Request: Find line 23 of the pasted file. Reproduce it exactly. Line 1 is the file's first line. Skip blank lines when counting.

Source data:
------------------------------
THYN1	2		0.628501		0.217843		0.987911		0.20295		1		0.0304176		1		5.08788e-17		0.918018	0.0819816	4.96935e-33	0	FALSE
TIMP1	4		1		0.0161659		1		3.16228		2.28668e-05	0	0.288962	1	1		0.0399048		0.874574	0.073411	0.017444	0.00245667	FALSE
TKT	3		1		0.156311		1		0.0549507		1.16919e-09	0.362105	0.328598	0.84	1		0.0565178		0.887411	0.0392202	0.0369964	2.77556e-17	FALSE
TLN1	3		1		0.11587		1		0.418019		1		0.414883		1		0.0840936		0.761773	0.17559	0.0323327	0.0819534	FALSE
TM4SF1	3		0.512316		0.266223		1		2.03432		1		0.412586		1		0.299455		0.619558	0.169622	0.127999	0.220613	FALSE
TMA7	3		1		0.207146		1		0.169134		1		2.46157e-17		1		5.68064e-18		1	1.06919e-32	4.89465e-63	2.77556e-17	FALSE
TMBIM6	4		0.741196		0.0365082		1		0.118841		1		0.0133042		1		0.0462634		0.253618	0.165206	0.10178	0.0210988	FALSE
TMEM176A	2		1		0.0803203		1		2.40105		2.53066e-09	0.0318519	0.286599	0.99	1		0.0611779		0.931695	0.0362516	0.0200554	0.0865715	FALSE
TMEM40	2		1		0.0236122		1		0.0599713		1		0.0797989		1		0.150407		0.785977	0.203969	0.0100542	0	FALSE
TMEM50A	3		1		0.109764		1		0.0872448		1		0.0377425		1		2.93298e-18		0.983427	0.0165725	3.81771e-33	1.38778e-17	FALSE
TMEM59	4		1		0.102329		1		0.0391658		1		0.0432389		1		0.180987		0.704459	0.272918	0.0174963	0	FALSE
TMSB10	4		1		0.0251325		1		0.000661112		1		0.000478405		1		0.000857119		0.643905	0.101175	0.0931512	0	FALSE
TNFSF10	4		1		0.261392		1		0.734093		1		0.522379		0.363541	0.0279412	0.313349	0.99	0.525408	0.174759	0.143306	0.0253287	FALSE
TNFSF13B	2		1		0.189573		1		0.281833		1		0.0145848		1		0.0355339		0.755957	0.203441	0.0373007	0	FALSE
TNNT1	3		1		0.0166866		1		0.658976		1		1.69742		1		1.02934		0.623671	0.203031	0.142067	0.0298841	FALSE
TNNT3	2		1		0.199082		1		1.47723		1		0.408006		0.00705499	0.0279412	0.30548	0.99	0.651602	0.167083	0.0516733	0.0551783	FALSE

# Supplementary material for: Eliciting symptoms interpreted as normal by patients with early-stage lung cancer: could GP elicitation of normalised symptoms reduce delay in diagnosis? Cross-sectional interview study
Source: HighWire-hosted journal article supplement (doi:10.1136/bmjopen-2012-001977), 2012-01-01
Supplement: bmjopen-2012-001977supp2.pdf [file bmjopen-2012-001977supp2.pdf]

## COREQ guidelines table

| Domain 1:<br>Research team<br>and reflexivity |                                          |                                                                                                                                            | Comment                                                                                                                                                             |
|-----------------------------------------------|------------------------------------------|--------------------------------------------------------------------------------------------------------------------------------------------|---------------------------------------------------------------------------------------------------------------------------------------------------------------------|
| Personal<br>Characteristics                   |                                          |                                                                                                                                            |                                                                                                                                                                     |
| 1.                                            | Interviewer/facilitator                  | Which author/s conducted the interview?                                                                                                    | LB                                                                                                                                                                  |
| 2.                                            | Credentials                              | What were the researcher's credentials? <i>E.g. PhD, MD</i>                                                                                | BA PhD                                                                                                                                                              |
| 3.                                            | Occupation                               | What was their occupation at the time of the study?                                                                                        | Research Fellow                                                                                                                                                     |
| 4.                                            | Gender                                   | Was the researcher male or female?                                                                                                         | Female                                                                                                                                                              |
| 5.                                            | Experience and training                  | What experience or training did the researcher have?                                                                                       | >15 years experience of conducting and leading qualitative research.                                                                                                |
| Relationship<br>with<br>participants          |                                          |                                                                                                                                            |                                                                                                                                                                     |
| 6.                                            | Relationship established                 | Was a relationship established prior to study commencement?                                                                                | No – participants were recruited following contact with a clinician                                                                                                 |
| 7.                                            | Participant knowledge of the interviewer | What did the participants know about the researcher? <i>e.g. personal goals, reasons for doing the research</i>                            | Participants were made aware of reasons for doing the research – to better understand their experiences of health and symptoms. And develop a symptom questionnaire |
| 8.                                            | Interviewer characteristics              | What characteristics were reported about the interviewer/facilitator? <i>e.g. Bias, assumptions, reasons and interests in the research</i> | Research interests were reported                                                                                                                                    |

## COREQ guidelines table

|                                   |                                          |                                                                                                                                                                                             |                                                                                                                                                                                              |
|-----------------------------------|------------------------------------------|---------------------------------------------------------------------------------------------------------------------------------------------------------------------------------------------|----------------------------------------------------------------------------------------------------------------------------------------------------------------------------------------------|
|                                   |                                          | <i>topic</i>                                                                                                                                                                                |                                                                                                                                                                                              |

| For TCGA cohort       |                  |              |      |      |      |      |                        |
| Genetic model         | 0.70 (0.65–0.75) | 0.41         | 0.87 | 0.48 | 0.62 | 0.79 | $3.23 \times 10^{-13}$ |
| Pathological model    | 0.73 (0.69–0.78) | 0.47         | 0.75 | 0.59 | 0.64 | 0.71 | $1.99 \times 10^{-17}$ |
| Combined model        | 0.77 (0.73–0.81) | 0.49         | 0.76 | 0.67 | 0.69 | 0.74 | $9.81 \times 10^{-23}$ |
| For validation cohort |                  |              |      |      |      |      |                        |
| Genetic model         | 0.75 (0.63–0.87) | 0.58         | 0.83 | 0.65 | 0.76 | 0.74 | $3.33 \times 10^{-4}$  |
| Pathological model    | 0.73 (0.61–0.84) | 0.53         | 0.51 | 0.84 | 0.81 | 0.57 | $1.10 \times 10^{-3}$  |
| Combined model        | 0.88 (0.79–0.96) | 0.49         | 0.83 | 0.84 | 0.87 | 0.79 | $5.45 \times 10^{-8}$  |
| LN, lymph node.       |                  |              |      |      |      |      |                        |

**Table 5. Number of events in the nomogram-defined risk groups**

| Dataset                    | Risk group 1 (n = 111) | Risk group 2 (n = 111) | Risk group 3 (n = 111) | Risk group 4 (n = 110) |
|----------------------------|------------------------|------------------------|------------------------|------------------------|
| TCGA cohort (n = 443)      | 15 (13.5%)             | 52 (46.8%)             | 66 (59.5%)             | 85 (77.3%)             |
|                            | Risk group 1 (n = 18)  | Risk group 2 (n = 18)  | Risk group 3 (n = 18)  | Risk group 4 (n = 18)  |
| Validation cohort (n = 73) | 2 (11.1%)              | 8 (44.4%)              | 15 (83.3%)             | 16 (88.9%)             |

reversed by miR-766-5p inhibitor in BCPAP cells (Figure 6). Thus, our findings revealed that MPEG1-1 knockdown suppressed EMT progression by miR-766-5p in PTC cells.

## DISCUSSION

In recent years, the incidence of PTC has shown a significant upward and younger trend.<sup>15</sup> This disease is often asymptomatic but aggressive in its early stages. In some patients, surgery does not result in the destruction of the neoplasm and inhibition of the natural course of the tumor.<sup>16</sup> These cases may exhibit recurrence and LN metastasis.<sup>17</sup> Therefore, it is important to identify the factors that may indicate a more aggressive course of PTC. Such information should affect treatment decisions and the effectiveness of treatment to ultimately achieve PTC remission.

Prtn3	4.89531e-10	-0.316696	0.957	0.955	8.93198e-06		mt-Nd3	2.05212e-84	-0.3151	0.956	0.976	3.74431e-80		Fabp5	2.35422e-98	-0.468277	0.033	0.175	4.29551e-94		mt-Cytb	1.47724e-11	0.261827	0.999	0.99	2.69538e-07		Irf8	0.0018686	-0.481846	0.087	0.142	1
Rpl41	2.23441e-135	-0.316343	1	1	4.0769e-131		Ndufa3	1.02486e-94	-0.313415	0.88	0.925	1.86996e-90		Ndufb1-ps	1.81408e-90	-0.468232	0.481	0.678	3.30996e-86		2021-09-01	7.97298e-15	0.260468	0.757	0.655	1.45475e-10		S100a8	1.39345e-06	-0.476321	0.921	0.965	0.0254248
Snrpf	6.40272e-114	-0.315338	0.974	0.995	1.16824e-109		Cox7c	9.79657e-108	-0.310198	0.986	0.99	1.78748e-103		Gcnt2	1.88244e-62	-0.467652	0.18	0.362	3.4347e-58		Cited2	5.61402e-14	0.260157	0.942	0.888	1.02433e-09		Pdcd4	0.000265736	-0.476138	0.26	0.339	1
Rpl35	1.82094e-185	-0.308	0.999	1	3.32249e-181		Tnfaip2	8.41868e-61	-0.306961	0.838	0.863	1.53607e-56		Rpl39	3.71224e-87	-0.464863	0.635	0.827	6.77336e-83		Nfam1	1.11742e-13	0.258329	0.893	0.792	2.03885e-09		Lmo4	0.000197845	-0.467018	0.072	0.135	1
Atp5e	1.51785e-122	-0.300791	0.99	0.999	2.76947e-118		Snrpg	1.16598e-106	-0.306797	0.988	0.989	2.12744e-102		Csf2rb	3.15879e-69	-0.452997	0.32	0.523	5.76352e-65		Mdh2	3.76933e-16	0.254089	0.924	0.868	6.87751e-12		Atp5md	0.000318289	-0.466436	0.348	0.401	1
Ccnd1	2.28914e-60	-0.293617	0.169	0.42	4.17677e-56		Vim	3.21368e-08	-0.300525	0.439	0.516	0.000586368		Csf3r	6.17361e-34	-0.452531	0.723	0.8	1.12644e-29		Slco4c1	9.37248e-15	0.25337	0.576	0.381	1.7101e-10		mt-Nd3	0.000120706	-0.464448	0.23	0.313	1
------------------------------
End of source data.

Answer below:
| Personal<br>Characteristics                   |                                          |                                                                                                                                            |                                                                                                                                                                     |